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Professor Chris Rhodes

Professor Chris Rhodes

Professor Chris Rhodes is a writer and researcher. He studied chemistry at Sussex University, earning both a B.Sc and a Doctoral degree (D.Phil.); rising to…

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Why Electric Cars are Really Coal Cars

I saw a wonderful play at the Royal Court Theatre in London recently: "The Heretic" by Richard Bean. In a nutshell, the plot centres on a female academic, Dr Diane Cassell, who is researching sea-level rise. She finds none at some measurement point in the Maldives, but realises that both land and sea are rising together. Thus, while sea-levels are indeed rising, the islanders are unlikely to be forced from their lands by them. If she publishes her results, the department stands to lose a very lucrative contract from an insurance company and so her Head of Department forbids her to go public which she does, and on national television at that, so getting fired from her job. The Human Resources person is grimly hilarious.

In the play, one of her students with utterly green credentials including eating lots of garlic to apparently curb his own bodily greenhouse-gas emissions, refuses to go on a field trip in the university minibus on the grounds that it runs on fossil fuels, preferring instead to cycle forty miles there and forty miles back.

Diane asks him: "In your green future, how would we get fourteen students fifty miles to the North Yorkshire Weather Station?"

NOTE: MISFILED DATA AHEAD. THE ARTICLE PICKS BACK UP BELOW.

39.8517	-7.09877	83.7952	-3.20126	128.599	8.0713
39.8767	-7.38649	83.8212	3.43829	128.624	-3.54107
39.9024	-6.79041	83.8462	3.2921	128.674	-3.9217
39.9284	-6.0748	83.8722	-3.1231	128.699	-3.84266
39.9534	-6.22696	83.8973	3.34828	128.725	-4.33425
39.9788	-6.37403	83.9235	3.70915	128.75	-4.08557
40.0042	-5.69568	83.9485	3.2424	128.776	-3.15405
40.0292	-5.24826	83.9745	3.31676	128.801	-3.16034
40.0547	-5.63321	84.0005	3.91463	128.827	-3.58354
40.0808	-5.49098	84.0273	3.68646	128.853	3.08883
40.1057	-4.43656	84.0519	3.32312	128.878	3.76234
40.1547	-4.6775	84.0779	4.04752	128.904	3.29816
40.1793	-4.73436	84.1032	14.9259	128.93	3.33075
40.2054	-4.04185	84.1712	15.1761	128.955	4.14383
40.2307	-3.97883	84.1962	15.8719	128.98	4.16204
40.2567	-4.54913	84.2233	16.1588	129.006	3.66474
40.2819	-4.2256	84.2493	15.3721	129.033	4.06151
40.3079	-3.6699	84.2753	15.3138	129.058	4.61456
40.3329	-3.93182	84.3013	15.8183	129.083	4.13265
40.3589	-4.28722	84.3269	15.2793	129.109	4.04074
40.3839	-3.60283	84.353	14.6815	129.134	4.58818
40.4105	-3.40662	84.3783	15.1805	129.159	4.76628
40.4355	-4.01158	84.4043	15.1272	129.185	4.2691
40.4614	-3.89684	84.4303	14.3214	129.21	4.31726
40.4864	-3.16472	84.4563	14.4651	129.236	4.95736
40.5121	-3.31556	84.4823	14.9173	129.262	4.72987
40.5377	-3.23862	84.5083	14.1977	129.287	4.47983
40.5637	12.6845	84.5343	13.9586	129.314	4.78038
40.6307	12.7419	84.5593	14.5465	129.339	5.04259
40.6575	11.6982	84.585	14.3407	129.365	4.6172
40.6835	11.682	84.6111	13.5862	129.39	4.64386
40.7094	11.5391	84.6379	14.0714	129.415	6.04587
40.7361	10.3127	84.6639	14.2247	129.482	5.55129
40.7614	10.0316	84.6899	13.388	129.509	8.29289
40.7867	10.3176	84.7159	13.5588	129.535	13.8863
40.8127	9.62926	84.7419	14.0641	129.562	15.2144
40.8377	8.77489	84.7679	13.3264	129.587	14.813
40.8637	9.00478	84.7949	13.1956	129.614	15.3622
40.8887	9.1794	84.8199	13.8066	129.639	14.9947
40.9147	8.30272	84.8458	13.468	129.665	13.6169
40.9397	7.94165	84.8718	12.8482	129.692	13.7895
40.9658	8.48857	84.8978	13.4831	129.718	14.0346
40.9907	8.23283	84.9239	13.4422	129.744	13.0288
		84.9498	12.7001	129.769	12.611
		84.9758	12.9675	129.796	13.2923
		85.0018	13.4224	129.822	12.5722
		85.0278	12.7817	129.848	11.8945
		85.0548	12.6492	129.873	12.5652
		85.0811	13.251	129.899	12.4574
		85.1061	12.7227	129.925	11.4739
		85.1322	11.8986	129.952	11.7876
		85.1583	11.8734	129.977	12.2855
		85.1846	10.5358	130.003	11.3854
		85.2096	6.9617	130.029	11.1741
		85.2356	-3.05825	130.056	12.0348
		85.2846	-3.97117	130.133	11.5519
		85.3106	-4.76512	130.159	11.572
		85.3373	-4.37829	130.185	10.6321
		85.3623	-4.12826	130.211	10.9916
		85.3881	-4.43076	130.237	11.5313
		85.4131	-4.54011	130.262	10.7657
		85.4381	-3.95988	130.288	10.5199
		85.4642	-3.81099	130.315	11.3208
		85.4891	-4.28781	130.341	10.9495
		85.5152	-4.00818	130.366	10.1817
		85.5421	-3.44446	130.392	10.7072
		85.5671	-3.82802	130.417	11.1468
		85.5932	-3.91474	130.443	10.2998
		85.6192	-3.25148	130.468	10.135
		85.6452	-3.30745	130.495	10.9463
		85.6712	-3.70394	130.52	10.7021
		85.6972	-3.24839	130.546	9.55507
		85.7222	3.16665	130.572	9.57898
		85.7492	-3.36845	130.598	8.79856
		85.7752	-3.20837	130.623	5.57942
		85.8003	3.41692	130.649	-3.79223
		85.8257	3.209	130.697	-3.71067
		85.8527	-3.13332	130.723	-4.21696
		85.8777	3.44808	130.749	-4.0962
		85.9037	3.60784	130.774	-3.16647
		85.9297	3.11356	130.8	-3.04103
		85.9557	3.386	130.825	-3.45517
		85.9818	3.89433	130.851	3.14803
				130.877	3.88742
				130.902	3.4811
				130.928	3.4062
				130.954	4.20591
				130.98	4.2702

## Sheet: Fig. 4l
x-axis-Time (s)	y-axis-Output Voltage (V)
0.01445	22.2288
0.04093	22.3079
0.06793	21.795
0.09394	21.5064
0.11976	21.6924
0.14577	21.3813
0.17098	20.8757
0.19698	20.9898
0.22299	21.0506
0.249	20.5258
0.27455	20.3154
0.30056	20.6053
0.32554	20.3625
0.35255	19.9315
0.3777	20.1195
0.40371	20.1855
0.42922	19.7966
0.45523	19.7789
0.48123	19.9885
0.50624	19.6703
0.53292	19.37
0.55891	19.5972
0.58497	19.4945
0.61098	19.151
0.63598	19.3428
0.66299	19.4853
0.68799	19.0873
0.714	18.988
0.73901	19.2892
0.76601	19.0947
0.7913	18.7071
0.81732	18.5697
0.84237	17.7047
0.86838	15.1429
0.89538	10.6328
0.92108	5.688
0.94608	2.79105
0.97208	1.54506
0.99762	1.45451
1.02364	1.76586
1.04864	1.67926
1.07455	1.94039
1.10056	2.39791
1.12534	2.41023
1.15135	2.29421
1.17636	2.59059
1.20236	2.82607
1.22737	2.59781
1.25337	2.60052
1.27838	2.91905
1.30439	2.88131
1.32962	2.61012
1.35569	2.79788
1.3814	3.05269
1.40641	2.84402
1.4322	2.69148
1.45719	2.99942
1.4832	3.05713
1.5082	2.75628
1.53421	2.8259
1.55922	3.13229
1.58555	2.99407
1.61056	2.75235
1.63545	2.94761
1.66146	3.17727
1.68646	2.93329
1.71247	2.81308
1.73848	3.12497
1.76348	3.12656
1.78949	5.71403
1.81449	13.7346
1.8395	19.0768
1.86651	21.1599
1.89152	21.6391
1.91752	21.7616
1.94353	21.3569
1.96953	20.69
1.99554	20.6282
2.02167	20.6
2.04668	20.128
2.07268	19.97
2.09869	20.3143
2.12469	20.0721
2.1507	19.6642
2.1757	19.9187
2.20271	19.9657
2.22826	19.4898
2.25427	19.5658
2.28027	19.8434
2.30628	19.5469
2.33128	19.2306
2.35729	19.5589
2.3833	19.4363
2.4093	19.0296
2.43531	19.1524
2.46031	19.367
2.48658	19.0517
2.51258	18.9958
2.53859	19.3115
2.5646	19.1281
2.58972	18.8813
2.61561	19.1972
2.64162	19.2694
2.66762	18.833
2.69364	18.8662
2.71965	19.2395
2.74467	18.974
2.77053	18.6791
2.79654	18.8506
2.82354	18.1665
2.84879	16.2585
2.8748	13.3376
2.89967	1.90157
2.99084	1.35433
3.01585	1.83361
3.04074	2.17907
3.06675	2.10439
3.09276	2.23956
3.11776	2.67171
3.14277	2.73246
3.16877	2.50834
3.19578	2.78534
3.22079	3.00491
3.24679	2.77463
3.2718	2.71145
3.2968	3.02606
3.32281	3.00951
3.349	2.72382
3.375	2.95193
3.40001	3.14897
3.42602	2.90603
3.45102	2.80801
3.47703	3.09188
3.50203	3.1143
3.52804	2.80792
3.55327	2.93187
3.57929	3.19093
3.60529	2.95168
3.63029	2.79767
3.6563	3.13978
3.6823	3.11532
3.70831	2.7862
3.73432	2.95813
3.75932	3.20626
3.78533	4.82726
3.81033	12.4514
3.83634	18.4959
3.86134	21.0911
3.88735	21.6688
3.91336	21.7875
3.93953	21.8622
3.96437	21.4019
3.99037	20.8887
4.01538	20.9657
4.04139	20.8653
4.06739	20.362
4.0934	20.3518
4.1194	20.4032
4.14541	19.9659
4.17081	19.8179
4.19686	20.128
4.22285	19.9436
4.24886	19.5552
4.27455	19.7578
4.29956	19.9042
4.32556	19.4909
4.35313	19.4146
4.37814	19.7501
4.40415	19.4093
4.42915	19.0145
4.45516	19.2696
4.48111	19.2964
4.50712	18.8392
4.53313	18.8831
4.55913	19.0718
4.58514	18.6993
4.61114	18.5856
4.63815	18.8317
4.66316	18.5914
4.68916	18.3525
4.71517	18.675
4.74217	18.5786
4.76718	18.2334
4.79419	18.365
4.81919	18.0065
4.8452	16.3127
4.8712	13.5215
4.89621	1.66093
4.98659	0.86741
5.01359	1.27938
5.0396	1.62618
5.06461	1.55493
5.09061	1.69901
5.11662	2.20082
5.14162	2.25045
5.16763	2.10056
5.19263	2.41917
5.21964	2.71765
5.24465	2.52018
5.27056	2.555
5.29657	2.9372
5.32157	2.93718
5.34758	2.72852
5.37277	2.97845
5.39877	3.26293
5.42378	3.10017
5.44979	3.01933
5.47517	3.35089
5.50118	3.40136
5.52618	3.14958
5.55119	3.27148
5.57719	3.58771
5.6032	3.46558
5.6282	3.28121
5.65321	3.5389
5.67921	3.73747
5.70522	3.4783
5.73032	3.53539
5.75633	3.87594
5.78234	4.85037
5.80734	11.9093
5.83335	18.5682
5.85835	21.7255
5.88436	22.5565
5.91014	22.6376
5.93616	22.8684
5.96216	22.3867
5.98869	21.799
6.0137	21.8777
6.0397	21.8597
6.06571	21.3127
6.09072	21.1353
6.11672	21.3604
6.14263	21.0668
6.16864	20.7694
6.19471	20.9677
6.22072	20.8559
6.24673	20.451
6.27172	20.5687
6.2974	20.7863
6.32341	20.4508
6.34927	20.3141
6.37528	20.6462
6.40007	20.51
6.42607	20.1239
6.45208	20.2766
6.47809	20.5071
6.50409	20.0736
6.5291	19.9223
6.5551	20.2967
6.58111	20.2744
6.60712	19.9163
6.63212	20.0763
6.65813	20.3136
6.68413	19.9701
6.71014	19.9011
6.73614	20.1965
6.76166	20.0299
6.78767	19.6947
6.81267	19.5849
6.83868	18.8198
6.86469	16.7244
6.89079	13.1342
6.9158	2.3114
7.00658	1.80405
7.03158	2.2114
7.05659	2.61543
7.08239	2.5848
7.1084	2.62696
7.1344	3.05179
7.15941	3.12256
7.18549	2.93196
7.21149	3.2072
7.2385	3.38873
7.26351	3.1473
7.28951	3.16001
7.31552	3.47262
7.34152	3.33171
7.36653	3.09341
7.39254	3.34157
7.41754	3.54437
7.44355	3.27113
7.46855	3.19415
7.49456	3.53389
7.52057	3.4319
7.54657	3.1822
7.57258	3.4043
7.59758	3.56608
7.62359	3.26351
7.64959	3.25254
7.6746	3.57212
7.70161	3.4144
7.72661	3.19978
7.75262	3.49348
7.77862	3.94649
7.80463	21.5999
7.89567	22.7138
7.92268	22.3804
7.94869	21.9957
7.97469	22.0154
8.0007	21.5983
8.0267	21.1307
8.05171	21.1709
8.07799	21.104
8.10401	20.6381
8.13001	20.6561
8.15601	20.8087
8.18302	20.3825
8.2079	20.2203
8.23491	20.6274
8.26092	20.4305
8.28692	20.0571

He replies: "There should be like an electric car/minibus. Electric cars don't have any emissions."
Diane responds: "Electric cars should be called coal cars. 30% of our energy comes from coal. Electricity is not naturally occurring in nature."

Now this does raise an issue about the "cleanliness" of electricity, which is all the more salient in view of the U.K. government's aim to install thousands of electric charging points around the country for electric cars with the aim to "wean us off imported oil". However, the majority of electricity in the U.K. is generated using power stations fired by coal (28%) and gas (45%), and hence even if a substantial substitution of the present 30 million British oil-fuelled cars by electric vehicles could be made, it would entail the consumption of vast quantities of these other fossil fuels instead to provide the additional electricity for them.

It is claimed in a Royal Academy of Engineering (RAE) report on electric cars that they are in any case cleaner because 80 - 90% of the energy put into them in terms of electricity is recovered in terms of useful power at the wheels, to be compared with 20 - 30% in a conventional oil-powered car. Well, that sounds good, but the reality is that only about one third of the energy in the coal or gas actually ends-up as electricity because of the Second Law of Thermodynamics and the Carnot Cycle limit - the other two thirds being thrown away as heat. Thus the electric car is harvesting in terms of well-to-wheel miles only about 27% of the original fossil fuel energy, so not that much better than the standard car running on petrol or diesel. The difference is merely whether about the same quantity of waste heat energy is thrown away at source or in the vehicle.

The green energy company, Ecotricity refers to electric cars as "wind-cars", to stress that they could run on electricity made from green sources such as wind. Indeed, the U.K. has made the decision to focus on wind-energy to meet its carbon-emissions targets, and plans to build offshore wind-farms on an impressive scale to do the job. It is advised by the Committee on Climate Change that by 2020, 1.7 million electric cars should be on Britain's roads, or just over 5%, which I don't honestly see would make a serious hole in our demand for imported crude oil.